Try this projection exercise. You are in a dressing room casting
your eye across a wardrobe containing the many metaphorical garments
symbolising the wondrous diversity of our industry.
The leopard skin leotard of the car launch bunny girl hangs next to the
Armani suit of the corporate PR man. A sweatshirt belonging to Darren in
sponsorship rubs against the sober pin stripes of a City spin
Then your gaze reaches the end of the rail, where you see a zipped up
clothes protector bag labelled ’strategic planner’. You are curious to
find out what it contains. Is it something mysterious, the precise
function of which eludes you? Is it an old pair of trousers, the seat of
which looks as though it has been flown on more times than it care to
Is it an anorak? Or, horror of horrors, do you discover nothing in the
bag at all?
Here lies the fundamental problem with strategic planning in our
industry: there is little consensus about what it actually is. In
certain City circles, strategic planning refers to the conversation that
goes on over lunch between the agency account director and the client
CEO at the Savoy. More intellectually rigorous corporate advisers will
say that strategic planning is about assimilating market and other
research to give direction to the implementation and evaluation of PR
activities. And then you have consumer PR-ettes to whom strategic
planning is about brainstorming to come up with whizzy ideas.
My own view is that effective strategic planning is the creative
application of market intelligence. But the point is, we all need to
feel comfortable about what that definition is - not just to tidy up our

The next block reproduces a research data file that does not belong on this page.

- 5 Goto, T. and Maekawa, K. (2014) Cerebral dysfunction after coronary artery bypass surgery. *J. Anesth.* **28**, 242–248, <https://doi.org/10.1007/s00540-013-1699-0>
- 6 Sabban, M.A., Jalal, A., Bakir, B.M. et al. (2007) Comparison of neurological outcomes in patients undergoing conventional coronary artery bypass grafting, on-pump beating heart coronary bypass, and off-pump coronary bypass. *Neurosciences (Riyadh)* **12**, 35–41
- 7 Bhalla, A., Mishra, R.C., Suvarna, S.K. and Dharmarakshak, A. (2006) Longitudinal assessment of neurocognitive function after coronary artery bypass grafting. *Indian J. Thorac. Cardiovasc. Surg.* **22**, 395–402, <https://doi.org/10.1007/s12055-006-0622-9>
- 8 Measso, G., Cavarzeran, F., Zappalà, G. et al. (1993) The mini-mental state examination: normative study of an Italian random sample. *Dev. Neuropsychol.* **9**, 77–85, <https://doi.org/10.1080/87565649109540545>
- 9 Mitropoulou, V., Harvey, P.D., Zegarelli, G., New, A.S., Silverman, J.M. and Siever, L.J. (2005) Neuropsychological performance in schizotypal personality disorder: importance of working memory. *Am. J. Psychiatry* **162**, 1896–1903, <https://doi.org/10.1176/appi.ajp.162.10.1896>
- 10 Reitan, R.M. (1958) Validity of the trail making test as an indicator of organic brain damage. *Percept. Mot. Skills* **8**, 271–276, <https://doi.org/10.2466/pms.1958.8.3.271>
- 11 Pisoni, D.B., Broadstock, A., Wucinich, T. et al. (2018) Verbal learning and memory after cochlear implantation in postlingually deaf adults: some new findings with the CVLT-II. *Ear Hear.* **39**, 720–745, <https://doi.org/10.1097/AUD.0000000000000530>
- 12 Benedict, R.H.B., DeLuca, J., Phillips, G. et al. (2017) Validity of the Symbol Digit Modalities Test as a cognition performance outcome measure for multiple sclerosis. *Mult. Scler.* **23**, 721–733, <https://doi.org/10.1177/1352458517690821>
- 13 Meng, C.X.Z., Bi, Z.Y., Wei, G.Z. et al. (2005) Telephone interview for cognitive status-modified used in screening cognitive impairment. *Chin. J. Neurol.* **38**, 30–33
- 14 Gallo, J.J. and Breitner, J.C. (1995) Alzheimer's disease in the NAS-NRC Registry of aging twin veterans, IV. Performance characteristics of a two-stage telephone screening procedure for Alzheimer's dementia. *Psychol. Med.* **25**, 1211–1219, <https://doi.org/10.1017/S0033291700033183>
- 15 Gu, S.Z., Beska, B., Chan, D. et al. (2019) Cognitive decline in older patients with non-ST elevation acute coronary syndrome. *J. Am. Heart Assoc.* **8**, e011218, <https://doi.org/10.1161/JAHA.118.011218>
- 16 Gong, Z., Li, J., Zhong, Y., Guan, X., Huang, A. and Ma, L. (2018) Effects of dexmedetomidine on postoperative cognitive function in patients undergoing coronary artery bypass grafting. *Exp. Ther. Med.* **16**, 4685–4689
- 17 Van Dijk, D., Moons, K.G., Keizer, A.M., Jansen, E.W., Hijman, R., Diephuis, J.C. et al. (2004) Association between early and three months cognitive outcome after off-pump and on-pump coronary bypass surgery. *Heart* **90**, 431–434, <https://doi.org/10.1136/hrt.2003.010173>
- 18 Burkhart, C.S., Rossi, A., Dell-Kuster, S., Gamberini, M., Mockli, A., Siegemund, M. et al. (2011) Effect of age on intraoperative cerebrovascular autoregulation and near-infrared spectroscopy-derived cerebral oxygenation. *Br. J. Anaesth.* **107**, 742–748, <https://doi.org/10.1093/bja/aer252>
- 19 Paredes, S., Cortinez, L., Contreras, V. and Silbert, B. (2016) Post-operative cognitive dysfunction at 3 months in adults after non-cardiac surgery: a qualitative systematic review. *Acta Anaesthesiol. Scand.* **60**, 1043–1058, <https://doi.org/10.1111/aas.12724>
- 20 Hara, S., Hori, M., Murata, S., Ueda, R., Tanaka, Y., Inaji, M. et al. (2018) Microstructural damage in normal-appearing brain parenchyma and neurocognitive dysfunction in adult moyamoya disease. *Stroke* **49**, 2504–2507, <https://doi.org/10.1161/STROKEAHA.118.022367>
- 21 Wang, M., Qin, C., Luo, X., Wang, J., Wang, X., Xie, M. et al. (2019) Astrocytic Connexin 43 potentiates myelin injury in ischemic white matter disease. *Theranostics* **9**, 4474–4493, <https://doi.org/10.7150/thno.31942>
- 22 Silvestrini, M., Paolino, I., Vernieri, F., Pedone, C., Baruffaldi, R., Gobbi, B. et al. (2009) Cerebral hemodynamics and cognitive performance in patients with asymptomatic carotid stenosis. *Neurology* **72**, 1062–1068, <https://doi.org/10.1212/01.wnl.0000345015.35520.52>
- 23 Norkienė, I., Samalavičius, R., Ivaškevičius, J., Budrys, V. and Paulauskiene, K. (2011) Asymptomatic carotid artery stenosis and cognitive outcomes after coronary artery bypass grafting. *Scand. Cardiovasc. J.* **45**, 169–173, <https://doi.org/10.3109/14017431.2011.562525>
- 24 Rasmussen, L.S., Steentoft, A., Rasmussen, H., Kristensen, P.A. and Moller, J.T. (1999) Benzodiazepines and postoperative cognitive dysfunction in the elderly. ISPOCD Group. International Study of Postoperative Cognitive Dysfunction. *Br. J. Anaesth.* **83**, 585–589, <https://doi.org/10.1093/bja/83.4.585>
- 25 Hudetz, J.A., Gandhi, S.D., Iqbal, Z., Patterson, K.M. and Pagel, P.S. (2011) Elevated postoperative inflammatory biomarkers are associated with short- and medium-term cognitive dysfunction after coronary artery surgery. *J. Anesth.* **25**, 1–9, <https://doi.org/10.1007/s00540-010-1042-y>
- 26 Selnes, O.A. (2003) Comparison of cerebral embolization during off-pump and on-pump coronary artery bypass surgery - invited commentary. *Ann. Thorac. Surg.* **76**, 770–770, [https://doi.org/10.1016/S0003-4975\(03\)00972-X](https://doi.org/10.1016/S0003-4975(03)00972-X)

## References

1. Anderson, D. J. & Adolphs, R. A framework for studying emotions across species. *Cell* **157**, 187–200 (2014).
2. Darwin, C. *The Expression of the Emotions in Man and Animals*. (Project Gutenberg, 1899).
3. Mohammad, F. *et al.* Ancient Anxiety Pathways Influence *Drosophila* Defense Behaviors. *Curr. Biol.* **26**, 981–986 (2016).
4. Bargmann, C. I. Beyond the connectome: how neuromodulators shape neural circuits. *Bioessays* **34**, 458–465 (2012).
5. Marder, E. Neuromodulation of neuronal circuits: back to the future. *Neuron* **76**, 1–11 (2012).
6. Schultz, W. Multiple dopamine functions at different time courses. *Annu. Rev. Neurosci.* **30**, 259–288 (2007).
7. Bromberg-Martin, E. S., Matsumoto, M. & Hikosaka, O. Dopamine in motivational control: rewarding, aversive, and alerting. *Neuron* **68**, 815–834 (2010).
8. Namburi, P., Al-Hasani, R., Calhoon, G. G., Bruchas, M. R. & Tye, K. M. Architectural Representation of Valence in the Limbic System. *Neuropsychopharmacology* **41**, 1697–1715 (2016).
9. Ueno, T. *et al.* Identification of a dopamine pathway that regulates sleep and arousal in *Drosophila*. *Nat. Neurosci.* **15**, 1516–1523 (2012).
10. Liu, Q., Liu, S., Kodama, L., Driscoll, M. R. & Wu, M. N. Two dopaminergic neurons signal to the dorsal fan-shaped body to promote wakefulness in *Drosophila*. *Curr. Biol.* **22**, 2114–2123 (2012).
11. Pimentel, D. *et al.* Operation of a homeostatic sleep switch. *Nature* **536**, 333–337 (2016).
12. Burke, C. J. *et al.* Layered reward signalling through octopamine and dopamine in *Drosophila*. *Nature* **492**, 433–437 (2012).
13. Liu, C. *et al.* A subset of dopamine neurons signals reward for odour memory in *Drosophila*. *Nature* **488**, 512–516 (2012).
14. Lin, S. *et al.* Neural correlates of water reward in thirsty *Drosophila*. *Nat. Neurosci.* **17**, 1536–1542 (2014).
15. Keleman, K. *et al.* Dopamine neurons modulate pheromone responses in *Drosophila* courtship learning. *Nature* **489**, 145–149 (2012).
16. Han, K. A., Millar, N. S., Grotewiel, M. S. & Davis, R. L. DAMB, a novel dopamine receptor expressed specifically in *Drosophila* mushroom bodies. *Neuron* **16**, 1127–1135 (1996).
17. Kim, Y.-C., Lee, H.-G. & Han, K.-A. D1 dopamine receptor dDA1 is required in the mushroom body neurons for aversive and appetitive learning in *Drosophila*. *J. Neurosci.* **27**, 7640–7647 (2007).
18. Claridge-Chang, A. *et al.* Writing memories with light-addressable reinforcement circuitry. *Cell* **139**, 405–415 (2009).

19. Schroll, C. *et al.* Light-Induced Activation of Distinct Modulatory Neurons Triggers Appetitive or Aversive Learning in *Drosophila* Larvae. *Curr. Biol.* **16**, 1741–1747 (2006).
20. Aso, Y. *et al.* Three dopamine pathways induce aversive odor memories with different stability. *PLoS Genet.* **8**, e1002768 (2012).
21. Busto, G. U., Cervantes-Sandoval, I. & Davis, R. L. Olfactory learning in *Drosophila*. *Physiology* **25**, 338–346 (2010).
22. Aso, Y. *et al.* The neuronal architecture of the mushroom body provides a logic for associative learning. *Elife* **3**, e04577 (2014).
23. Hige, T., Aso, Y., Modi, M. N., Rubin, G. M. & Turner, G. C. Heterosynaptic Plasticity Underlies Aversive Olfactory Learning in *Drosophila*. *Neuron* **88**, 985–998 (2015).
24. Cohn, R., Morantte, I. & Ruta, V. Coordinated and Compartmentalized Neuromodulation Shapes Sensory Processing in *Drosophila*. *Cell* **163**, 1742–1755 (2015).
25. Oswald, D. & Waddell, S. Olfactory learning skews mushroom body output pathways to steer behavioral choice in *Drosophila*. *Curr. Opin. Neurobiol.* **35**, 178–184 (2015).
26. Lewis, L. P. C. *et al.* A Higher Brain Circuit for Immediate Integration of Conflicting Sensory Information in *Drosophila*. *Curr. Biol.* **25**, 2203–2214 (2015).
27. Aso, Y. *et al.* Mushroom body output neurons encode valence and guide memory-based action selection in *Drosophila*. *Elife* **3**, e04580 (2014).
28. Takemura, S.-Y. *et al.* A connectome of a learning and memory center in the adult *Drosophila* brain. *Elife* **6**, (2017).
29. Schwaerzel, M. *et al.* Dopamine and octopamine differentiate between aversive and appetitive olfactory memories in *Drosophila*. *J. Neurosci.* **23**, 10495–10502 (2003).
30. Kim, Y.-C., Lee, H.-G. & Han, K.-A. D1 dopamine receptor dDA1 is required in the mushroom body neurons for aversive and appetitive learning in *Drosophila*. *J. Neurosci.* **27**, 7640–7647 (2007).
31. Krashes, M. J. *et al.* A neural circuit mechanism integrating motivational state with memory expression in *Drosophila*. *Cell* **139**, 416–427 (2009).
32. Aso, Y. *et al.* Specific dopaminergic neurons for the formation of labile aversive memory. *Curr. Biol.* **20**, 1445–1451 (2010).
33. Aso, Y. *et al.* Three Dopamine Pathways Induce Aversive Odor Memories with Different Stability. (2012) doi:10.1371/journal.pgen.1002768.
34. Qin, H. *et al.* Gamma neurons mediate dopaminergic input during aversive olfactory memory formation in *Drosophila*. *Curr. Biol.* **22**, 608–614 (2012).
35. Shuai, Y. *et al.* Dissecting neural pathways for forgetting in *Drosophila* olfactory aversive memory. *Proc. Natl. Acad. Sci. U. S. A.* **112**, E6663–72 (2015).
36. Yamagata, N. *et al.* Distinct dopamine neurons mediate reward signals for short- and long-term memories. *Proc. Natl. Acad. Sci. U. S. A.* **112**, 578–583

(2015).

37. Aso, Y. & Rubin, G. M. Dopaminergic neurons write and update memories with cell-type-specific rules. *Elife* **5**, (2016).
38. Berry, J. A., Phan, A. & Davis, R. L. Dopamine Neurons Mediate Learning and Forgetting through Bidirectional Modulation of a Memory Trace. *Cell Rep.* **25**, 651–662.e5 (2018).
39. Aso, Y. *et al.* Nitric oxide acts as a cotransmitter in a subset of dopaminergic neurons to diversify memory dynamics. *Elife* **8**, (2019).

collective semantics but, more practically, to win business.
No one should be in any doubt that strategic planning, particularly of
the research-driven variety, is increasingly being recognised as the
foundation on which successful PR campaigns are built.
In tandem with the massive financial growth of the PR industry in the
last five years has been the rapid sophistication of its clients.
Clients have become far more demanding in their expectations of their PR
advisers, understanding that a strategically sound rationale for
conducting a PR programme, as well as an appropriate means of evaluating
it, are no longer an optional extra.
Agencies are responding, hence the increasing frequency with which
strategy-conscious advisers present potential new clients with planning
documents a week or so in advance of a pitch, showing exactly what
thinking underpins the creative proposals they are about to make.
Competitor agencies, unable to provide such an understanding are simply
viewed as intellectual lightweights.
Getting to grips with strategic planning is not just a necessity in the
battle for billings within the PR industry. As PR assumes greater
budgetary importance as a communications discipline it is inevitably
beginning to find itself battling for influence over the high ground of
communications control, territory traditionally occupied by
Strategic planning has been a mature discipline within advertising for
over a decade. Advertising planners are not only veterans in relative
terms, they also speak with the might of massive budgets behind
And, when the advertising planner opens up the metaphorical wardrobe of
his industry there is just the solitary mantle of advertising hanging
inside. Compare this to the vivid and multifarious collection available
to planners of PR activity. It’s time we agree on what, we as PR
planners, should wear ourselves.
David Michie is the author of The invisible persuaders - how Britain’s
spin doctors manipulate the media.